Militants from the Islamic State of Iraq and the Levant (ISIL) have routed Baghdad's army and seized the north of the country in the past week, threatening to dismember Iraq and unleash all-out sectarian warfare with no regard for national borders.
The fighters have been joined by other armed Sunni groups who oppose what they say is oppression by Prime Minister Nuri al Maliki, a Shi'ite.
Joint action between the US and regional Shi'ite power Iran to help prop up their mutual ally in Baghdad would be unprecedented since Iran's 1979 revolution, demonstrating the urgency of the alarm raised by the lightning insurgent advance.
US Secretary of State John Kerry called the advance an "existential threat" for Iraq. Asked if the US could cooperate with Tehran against the insurgents, Mr Kerry said: "I wouldn't rule out anything that would be constructive."
On the issue of air strikes, he said: "They're not the whole answer, but they may well be one of the options that are important. When you have people murdering, assassinating in these mass massacres, you have to stop that. And you do what you need to do if you need to try to stop it from the air or otherwise."
The Pentagon said that, while there might be discussions with Iran, there were no plans to coordinate military action with it.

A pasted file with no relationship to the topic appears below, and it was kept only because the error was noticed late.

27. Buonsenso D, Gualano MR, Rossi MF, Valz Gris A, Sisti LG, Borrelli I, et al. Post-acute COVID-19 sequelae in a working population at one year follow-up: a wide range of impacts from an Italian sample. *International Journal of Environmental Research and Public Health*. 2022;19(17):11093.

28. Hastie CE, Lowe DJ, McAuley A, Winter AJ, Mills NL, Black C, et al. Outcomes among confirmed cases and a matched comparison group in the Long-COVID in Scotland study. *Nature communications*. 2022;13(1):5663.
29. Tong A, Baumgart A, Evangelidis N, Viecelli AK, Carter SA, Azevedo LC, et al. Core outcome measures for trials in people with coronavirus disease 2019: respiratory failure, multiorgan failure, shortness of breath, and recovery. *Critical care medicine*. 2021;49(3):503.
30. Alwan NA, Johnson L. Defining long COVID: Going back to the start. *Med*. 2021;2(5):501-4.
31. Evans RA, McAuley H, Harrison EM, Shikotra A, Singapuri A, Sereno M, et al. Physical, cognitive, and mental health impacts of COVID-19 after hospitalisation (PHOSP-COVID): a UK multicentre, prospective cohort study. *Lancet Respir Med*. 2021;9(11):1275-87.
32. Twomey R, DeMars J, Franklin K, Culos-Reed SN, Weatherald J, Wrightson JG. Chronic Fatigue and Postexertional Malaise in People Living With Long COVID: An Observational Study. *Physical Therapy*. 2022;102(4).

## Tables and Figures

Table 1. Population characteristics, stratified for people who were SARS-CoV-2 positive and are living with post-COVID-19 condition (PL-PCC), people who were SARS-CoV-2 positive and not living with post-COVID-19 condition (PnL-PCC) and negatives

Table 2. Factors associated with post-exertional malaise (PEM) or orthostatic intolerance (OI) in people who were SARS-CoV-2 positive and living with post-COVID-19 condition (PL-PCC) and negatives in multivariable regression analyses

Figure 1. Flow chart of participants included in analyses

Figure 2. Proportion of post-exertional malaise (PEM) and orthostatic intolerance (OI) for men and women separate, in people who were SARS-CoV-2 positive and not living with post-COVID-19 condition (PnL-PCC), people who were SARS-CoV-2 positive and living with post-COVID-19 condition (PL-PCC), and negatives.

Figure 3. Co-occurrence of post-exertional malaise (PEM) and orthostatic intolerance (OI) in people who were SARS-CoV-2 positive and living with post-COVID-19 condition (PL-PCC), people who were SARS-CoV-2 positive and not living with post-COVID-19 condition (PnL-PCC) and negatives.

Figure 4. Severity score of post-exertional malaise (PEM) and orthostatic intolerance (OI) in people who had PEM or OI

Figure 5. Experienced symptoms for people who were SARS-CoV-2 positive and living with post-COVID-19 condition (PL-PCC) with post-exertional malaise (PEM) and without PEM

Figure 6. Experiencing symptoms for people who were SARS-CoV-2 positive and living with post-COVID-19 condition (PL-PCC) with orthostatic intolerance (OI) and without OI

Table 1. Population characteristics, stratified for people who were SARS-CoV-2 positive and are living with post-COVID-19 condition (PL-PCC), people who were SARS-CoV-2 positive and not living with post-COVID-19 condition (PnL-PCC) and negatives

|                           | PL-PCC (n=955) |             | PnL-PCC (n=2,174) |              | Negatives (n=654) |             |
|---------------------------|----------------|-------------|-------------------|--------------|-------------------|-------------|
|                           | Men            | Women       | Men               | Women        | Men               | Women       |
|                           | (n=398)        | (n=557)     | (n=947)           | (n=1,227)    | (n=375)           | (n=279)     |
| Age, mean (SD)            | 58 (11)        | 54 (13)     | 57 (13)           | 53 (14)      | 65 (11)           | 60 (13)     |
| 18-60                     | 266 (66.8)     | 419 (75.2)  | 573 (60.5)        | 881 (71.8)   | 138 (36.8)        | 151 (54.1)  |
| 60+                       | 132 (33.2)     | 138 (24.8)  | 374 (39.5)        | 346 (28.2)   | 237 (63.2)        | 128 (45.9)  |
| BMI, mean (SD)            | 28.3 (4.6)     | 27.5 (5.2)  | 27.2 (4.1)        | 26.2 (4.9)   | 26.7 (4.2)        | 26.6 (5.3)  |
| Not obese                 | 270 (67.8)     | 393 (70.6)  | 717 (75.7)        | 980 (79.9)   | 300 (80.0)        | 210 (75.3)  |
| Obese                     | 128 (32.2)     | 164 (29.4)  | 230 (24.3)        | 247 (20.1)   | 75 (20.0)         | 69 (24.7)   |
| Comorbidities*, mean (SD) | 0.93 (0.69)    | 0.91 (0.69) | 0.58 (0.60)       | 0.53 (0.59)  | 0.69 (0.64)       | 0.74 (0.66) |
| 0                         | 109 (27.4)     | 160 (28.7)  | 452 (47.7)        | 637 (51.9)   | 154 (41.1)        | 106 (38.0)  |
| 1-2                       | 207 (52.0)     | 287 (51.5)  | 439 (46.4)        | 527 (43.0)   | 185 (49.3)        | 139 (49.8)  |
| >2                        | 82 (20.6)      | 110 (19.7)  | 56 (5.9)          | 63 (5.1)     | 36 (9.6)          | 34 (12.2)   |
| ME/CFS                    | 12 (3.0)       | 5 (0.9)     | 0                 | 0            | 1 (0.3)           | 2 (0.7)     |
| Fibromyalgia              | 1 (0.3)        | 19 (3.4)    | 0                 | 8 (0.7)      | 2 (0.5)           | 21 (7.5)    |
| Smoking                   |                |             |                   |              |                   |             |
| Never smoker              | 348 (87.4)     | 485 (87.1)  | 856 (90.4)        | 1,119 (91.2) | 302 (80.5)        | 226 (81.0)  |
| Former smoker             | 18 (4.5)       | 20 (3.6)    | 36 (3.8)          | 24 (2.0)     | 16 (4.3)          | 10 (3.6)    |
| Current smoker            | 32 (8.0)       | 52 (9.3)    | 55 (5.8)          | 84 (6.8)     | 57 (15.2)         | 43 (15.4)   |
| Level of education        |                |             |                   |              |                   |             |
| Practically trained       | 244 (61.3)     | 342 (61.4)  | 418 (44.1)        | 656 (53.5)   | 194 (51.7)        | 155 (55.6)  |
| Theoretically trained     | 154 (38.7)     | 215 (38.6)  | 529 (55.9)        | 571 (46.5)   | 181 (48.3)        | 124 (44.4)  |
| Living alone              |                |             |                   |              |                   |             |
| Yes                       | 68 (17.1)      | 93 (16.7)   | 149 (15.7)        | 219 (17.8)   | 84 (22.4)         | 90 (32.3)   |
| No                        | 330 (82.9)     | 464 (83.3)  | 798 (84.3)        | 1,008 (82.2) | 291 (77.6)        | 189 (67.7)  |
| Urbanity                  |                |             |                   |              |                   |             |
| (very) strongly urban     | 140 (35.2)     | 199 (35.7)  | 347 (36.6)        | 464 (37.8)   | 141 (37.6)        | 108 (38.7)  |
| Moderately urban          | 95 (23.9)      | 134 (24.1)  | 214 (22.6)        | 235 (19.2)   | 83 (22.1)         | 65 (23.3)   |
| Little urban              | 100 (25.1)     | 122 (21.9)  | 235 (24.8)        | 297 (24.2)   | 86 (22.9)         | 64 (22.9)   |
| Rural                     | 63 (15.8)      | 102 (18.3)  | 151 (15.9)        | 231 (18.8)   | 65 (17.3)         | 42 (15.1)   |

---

A US official said meetings with Iran could come this week on the sidelines of international nuclear talks.
Iran has longstanding ties to Mr Maliki and other Shi'ite politicians who came to power in US-backed elections.
ISIL seeks a caliphate ruled on mediaeval Sunni Muslim precepts in Iraq and Syria, fighting against both Iraq's Mr Maliki and Syria's Bashar al Assad, another ally of Iran. It considers Shi'ites heretics deserving death and has boasted of massacring hundreds of Iraqi troops who surrendered to it last week.
Its uprising has been joined by tribal groups and figures from former Iraqi leader Saddam Hussein's era, who believe Mr Maliki is hostile to Sunnis.
ISIL fighters and allied Sunni tribesmen overran yet another town yesterday, Saqlawiya west of Baghdad, where they captured six Humvees and two tanks, adding to an arsenal of US-provided armour they have seized from the disintegrating army. Eyewitnesses said Iraqi army helicopters were hovering over the town to try to provide cover for retreating troops.
A medical source at a hospital in the nearby city of Falluja, largely held by insurgents since early this year, said: "It was a crazy battle and dozens were killed from both sides. It is impossible to reach the town and evacuate the bodies."
ISIL fighters also captured the mainly ethnic Turkmen city of Tal Afar in northwestern Iraq after heavy fighting on Sunday, solidifying their grip on the north.
Tal Afar is a short drive west from Mosul, the north's main city, which ISIL seized last week at the start of its push.
Fighters then swept through towns and cities on the Tigris before halting about an hour's drive north of Baghdad.
Iraq's army is holding out in Samarra, a Tigris city that is home to a Shi'ite shrine where fighting continued yesterday and an Iraqi army spokesman also reported fighting to the south of Baghdad.